Search for Unrecorded Liabilities: Definition, Example and Procedures


Search for unrecorded liabilities is the audit testing procedure that auditors perform to verify if there are liabilities that exist at the reporting date and are not recorded in the company’s financial statements. Auditors perform such tests of the search for unrecorded liabilities to give an appropriate response to assess the risk of understatement of liabilities.

In the industrial environment, searching for unrecorded assets like debtors or accounts receivable as being unrecorded is improbable to search for unrecorded liabilities like accounts payable or notes payable.

The reason is that the management of the company typically intends to understate the liabilities or expenses rather than the understated assets or revenues since these are the critical financial figures that link their performance.

This would mean that liabilities have more risk of being unrecorded than the accounts of assets. Auditors shall perform audit procedures to search for unrecorded liabilities to test the completeness aspects of all the liabilities of books of account.

It also helps to determine if liabilities shall be excluded or included from the current accounting period.

Examples of Search for Unrecorded liabilities

Here, we discuss what audit procedures need to be followed to search for two liabilities, i.e., accounts payable and notes payable:

In the case of accounts payable, an audit procedure is performed to test completeness assertion through the following steps:

  1. First, samples are selected of transactions that are made after the closing of books of account.
  2. The auditor then proceeds to examine the sample payments by verifying with documentary evidence and assessing if the liabilities existed on the balance sheet date.
  3. The auditor also inquires with appropriate personnel on any unrecorded invoices.

In an audit using a sample, the risk of material misstatement is directly proportional to selecting the sample size. Hence, the auditor needs to exercise his professional judgment and competence.

Suppose the auditor assesses the risk of material misstatement as high. In that case, the sample size selection should be enlarged, and the auditor shall try to reduce the risk to an acceptable level.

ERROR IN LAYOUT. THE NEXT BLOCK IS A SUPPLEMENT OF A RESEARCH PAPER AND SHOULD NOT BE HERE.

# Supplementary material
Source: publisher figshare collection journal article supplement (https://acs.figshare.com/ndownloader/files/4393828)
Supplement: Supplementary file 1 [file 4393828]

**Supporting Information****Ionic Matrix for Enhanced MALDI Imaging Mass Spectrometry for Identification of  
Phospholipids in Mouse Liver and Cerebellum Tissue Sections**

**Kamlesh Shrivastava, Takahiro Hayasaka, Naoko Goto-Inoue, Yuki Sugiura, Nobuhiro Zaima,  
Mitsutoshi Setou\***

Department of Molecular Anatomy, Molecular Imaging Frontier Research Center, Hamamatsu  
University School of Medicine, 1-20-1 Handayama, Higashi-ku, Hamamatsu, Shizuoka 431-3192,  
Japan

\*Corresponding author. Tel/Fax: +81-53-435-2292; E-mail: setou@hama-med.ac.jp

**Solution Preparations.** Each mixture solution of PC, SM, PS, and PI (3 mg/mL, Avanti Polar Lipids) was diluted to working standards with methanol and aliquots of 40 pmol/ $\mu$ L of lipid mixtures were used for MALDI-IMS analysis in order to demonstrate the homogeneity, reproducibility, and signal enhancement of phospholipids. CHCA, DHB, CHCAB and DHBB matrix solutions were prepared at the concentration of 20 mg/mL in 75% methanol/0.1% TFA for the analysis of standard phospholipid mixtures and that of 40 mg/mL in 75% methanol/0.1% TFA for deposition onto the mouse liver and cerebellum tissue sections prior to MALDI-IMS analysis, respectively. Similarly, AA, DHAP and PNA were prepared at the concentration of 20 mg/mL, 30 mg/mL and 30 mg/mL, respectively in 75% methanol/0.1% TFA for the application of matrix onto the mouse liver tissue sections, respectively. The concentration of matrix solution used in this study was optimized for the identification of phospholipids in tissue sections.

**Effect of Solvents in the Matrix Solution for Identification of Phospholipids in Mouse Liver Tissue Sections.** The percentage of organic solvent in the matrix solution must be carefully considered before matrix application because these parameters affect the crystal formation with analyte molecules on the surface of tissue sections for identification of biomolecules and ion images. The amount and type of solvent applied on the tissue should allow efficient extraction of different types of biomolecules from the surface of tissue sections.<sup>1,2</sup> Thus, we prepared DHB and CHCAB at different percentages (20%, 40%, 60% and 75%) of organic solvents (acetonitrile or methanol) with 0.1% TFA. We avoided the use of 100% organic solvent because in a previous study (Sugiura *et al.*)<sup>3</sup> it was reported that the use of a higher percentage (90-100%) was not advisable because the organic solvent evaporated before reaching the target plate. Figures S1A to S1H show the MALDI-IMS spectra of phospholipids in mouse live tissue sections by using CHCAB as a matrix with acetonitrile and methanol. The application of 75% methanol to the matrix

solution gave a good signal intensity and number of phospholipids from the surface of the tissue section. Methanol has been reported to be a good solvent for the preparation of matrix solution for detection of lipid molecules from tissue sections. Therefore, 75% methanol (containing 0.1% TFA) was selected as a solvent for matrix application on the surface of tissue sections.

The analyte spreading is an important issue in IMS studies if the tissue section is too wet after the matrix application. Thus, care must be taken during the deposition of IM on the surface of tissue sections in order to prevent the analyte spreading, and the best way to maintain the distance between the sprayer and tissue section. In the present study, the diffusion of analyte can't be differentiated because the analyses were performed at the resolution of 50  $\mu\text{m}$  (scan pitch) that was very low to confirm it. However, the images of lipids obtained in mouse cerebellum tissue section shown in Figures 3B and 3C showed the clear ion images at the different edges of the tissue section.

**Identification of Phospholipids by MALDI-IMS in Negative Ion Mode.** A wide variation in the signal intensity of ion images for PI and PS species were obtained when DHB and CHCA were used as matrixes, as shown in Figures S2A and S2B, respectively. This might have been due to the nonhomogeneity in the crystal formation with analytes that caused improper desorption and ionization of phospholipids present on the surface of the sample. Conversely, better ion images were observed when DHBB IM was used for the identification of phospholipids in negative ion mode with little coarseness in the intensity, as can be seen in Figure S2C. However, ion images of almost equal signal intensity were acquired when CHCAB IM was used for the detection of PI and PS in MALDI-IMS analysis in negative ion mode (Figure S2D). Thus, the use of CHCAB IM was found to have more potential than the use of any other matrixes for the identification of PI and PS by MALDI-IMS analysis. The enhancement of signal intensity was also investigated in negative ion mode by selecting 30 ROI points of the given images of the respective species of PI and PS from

The audit procedures in the case of notes payable are similar to that of accounts payable. As it happens, the notes payable have a large sum involved, and hence, the risk of material misstatement in case of notes payable increases massively.

Substantive audit procedures need to be performed in the case of notes payable. The auditor needs to confirm the existence and year-end balances by making direct confirmation from third parties.

Further, the auditors should analyze board meeting minutes for authorization of debts and check if any debts have been unrecorded as such.

Audit Procedures to search for unrecorded liabilities.

The auditor should verify the unrecorded liability by applying the given audit procedures:

  • The auditor shall verify purchase orders and all supporting documents with journal entries related to purchases and cash disbursals. This helps the auditor to assess if purchases have been properly recorded and with the correct amount.
  • Analytical procedures are done to test the trend and look for unusual relations. The various accounting ratios, and accounts payable turnover, are essential in searching for unrecorded liabilities. The auditor shall adequately investigate all the distinctive ties. While auditing accounts payables and looking for unrecorded portions, the auditor would need to look at cash disbursals after the year-end and verify they have been adequately recorded as payables at the end of the year.
  • The auditor shall audit and test all the audit trails leading to the payments to liabilities that have been recorded. This can be done for payables on the year-end balance sheet date. The auditor can clearly state that cheques not matched to recorded payables would amount to unrecorded liability at year-end.
  • The auditor shall carefully examine all the cash disbursements using the Cash disbursements cutoff test. This would help to reconcile the cash disbursements and accounts payable. The auditor shall also inspect the cheques issued and trace them to accounts payable ledgers. Doing so would allow the auditor to detect items purchased before the end of the year but not recorded, i.e., unrecorded accounts payables.
  • If the company employs a voucher system, all the requisition, receipts, and suppliers’ invoices shall be reconciled with purchase orders. The auditors should, therefore, in such companies employing a voucher system, vouch for samples of invoices related to cash disbursals after the end of the year and compare them with all the receipt reports and suppliers’ invoices. This helps the auditors to search for unmatched documents.
  • The audit can also confirm directly from the vendors regardless of the balance dues at the end of the year.
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